They Asked Me… Everything!

Hi folks!

Yesterday, I hosted an ‘Ask Me Anything’ (AMA) on Reddit. I wanted to take a moment to thank the attendees for all of their questions – especially the challenging ones. So here goes: thank you everyone for the great Q&A session! It sure was wide-ranging – with questions on the security of smartphones to Formula 1 and… my favorite food and drink, plus of course the obligatory queries about how to pronounce my surname and… Star Wars. In fact, you guys asked so many questions that I couldn’t answer them all in the time. But I encourage you to read the full thread here – maybe some of my replies there answer your questions too; if not – feel free to drop some more as I may have a future blogpost responding to them or answer them directly on Reddit.

Simultaneously with the AMA there was a hearing taking place in Washington, D.C., where concerns were being raised about Kaspersky Lab. This is nothing new for us: false allegations are something we’ve gotten used to. Still, let us address some of the questions that were raised there and which also happened to find their way to the Reddit community:

Is your company subject to SORM given you operate servers in Russia?

No, SORM is for ISPs and telecom companies, and we are not them. EDIT: The same goes to PRISM or similar systems. (AMA thread)

 

The US Senate Intel committee is currently interviewing the heads of the intelligence community. They were just asked whether they would be comfortable running Kaspersky software on their computers. The answer was unanimous: No.
Thoughts?

I respectfully disagree with their opinion, and I’m very sorry these gentlemen can’t use the best software on the market because of political reasons. (AMA thread)

 

What is your reaction to the Intelligence Committee’s (CIA Director Mike Pompeo, Acting FBI Director Andrew McCabe, DNI Director Dan Coats, National Geospatial-Intelligence Agency Director Robert Cardillo, and Defense Intelligence Agency Director Lt. General Vincent Steward) universal statement of a lack of confidence in Kaspersky Labs software on their systems?

Once again, I think that due to political reasons, these gentlemen don’t have an option, and are deprived from the opportunity to use the best endpoint security on the market without any real reason or evidence of wrongdoing from our side. I would be very happy to testify in front of the Senate, to participate in the hearings and to answer any questions they would decide to ask me. (AMA thread)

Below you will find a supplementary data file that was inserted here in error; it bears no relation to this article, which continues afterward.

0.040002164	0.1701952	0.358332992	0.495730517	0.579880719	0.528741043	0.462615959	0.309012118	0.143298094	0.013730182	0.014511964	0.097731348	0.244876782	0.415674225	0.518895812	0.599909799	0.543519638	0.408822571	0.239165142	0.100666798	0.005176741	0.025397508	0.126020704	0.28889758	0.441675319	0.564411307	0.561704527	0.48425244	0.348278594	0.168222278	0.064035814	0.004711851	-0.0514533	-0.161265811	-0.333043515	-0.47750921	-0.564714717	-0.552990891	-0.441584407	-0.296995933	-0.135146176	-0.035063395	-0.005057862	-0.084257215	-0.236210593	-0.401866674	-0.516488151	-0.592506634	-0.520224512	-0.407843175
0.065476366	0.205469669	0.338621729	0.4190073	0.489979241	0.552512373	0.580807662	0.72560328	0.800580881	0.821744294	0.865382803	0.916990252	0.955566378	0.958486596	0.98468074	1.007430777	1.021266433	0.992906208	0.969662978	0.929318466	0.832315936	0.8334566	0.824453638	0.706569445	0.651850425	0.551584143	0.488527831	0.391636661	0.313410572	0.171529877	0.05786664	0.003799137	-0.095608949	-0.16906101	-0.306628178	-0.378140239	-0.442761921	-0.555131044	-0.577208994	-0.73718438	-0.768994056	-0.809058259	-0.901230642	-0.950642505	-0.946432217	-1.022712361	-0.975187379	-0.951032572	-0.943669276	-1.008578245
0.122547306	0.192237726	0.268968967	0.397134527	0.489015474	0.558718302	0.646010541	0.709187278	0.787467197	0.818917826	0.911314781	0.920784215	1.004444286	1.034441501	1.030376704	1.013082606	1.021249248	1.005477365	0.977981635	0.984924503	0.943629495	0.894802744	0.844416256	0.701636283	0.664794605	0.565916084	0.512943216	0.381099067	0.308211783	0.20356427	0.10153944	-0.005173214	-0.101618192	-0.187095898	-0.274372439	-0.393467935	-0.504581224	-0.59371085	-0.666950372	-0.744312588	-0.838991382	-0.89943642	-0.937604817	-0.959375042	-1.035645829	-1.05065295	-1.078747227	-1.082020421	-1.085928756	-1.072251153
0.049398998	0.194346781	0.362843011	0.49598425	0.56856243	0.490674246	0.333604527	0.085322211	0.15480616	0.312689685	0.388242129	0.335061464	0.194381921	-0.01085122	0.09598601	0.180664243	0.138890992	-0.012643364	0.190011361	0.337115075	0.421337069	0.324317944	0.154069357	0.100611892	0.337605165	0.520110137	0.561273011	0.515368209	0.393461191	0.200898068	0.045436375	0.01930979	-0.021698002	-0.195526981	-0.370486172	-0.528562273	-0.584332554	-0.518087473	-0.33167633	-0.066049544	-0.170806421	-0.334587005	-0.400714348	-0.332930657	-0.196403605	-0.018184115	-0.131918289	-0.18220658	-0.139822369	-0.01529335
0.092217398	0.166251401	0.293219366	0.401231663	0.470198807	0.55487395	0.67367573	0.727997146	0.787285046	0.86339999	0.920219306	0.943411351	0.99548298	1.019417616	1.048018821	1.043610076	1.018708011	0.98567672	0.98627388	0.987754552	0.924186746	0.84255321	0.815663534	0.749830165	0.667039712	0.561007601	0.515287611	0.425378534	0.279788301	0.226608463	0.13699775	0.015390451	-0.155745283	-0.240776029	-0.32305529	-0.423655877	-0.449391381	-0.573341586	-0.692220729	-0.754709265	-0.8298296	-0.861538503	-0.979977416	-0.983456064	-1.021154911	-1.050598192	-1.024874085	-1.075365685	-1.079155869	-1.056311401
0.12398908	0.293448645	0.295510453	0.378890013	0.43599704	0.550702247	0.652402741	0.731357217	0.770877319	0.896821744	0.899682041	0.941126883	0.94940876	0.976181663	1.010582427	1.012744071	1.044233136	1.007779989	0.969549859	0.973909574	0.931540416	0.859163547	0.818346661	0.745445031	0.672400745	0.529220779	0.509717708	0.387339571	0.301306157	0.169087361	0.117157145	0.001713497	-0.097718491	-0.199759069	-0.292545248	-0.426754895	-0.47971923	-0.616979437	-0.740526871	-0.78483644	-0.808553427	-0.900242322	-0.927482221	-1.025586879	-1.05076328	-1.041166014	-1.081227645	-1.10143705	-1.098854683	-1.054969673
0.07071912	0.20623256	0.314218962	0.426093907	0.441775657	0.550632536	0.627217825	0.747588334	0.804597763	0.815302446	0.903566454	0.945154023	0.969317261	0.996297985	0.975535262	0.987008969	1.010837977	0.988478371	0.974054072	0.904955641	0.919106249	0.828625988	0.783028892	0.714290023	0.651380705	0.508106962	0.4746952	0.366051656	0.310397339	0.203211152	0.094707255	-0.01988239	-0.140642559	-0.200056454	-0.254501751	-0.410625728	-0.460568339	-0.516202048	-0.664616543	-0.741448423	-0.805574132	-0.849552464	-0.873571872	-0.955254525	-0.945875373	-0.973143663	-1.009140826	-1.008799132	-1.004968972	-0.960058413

Is there a backdoor built into your software?

Our software is designed to protect our customers, not to breach into their devices. There is no hidden functionality in our products, including backdoors. (AMA thread)

 

On our relationship with Michael Flynn

To clarify things: We paid a speaker fee for DC public conference. Nothing scandalous here, he was a good speaker. (AMA thread)

 

On the inevitable KGB questions and misinformation: Is the statement “Once KGB Agent, Always a KGB Agent” true?

Really can’t say, I haven’t been by a KGB agent / employee for a second. (AMA thread)

 

On allegations that we help governments commit cybercrime

Kaspersky Lab has no ties to any government, and the company has never helped, nor will help, any government in the world with its cyberespionage efforts. (full statement)

In closing, we weren’t asked to participate in any hearings or investigations. As mentioned earlier, we are always happy to assist in investigations where our expertise could benefit the greater good or to meet with a congressional panel with questions into the work of my company.

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    Haytham Matthews

    Whereas Intelligence professionals are paid to be suspicious, the overwhelming majority of dyed-in-the-wool software professionals are, by nature and training, on a secret mission to make the world a better (and safer) place – more so yet for those with a proven track record of delivering value to their customers.

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